(Some Finns are going to sack me for calling it a nearly classic) Happoradio - Puhu äänellä jonka kuulen. I can attempt translating the lyrics via PM if you're interested.

post #21 of 345
Quote:
Originally Posted by blueangel2323 View Post

There are people who love music, people who love gear, and people who love both. In case you didn't know, there's a forum called GearSlutz where self-professed "recording engineers" spend all their time talking/arguing about and lusting after nice gear instead of making music, which is the whole point of having that gear in the first place.

 

For me personally, it's all about the music. Good music is music that moves you no matter what gear it's playing on. One of the most profound experiences in my life was the first time I heard my favourite song - in a store, on the radio, playing out of a tinny mono speaker - pretty much the crappiest audio quality scenario possible. Yet it was enough to restore my faith in humanity. That's real music.

 

On the other hand there is crappy but well-recorded music that only sounds good on high end equipment. I must admit that I've been guilty of thinking "hey, this actually sounds pretty good, for once" when playing boring music-- tracks that I would normally skip--on my decent gear. That doesn't make it good music, but music is meant to be enjoyed, and if nice gear helps me to expand/increase my enjoyment of music that I wouldn't normally enjoy, that's never a bad thing.

Ya I have to agree. There are some people where I will play something and all they can say is man that sounds good...not I like the music.  But than there are those other people where I will play something through my crappy computer speakers and they will start to rock out to the music even though you can't even really hear the base line in it.  

post #22 of 345

There are certainly a LOT of people who like music, and are not picky about how it sounds, liking the lyrics, or beat or whatever they like.

 

There are people who make a hobby of music reproduction, spreading the gamut of setting up an iPod speaker to buying extremely high end audio equipment. Most feel happy with the results.

 

There are people who like to tinker and build/mod their gear, a lot. These people end up with gear they are happy with, or not, and start over.

 

There are snobs, who are driven to get expensive gear, and delight in other peoples appreciation of their gear.  Some even like the sound/music.  I would call these gear-o-philes. They are always needing to improve something in their system.

 

There is a difference between a "music-phile" and an audiophile though.  My wife loves music, and strives to listen to what she likes whenever possible.  I feel that a well setup/balanced system presents music in a "better" way, bringing more enjoyment from the listening.  Is the enjoyment a result of the time/money obtaining and setting up the gear, perhaps.  I just know that the same music on my man-cave system elicits more emotion and enjoyment that my AV system playing the same music.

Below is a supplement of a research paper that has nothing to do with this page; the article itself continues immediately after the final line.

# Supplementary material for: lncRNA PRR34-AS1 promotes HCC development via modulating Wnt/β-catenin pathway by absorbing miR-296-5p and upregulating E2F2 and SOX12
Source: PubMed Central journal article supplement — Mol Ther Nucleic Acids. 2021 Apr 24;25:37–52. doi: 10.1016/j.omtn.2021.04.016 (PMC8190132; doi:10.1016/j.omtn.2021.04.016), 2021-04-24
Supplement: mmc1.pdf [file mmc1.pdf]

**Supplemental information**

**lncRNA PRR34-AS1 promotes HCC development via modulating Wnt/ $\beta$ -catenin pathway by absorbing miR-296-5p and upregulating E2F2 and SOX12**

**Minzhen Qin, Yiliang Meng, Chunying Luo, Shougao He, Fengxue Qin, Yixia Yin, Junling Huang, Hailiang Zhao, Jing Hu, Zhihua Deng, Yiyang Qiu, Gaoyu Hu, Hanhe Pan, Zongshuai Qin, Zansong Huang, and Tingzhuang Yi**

I have fallen sway to the DIY crowd though, and have enjoyed building several pieces, and am planning more things to build.  Different, but parallel hobby.  I also agree with others here that there are different ways to listen to music 1) back ground music to reading or websurfing, or running  2) critical listening when evaluating the system, or a recent change  3) Listening to music with nothing else going on, just for the enjoyment of the music.

 

My answer : Dire Straits - Brothers in Arms.

post #23 of 345
Quote:
Originally Posted by dosprompt View Post

Good stuff everyone.

 

Thanks, now go fix all those boneheads with the gas guzzling pick-up trucks and ATVs and HumVees! :) Sorry, I'm having trouble picking just ONE album. Can I pick 100?
post #24 of 345

I don't understand OP's question, and he's basing all "audiophile" is from a single youtube video? Did you judge how we all do with our gear from that single random video and your biased opinion of a single aspect of what people's seek in an audio gear ("the singer is there")

post #25 of 345
Quote:
Originally Posted by laon View Post

I don't understand OP's question, and he's basing all "audiophile" is from a single youtube video? Did you judge how we all do with our gear from that single random video and your biased opinion of a single aspect of what people's seek in an audio gear ("the singer is there")

I'm not too sure either.
What is the point he is trying to make?

We have a lot of gear, therefore we don't like music?

I find the question a bit insulting.

I know a guy who owns lots of camera gear, should we assume he is not really interested in photography?
post #26 of 345

What quality you wanna hear Darkness On The Edge Of Town...? i got the normal flac version and downloading the 24 bit version right now...:)
 

post #27 of 345

Some interesting thoughts OP.

 

Hope you don't mind - but rather than requoting the lot - I'd rather just comment on a few passages from your original post .......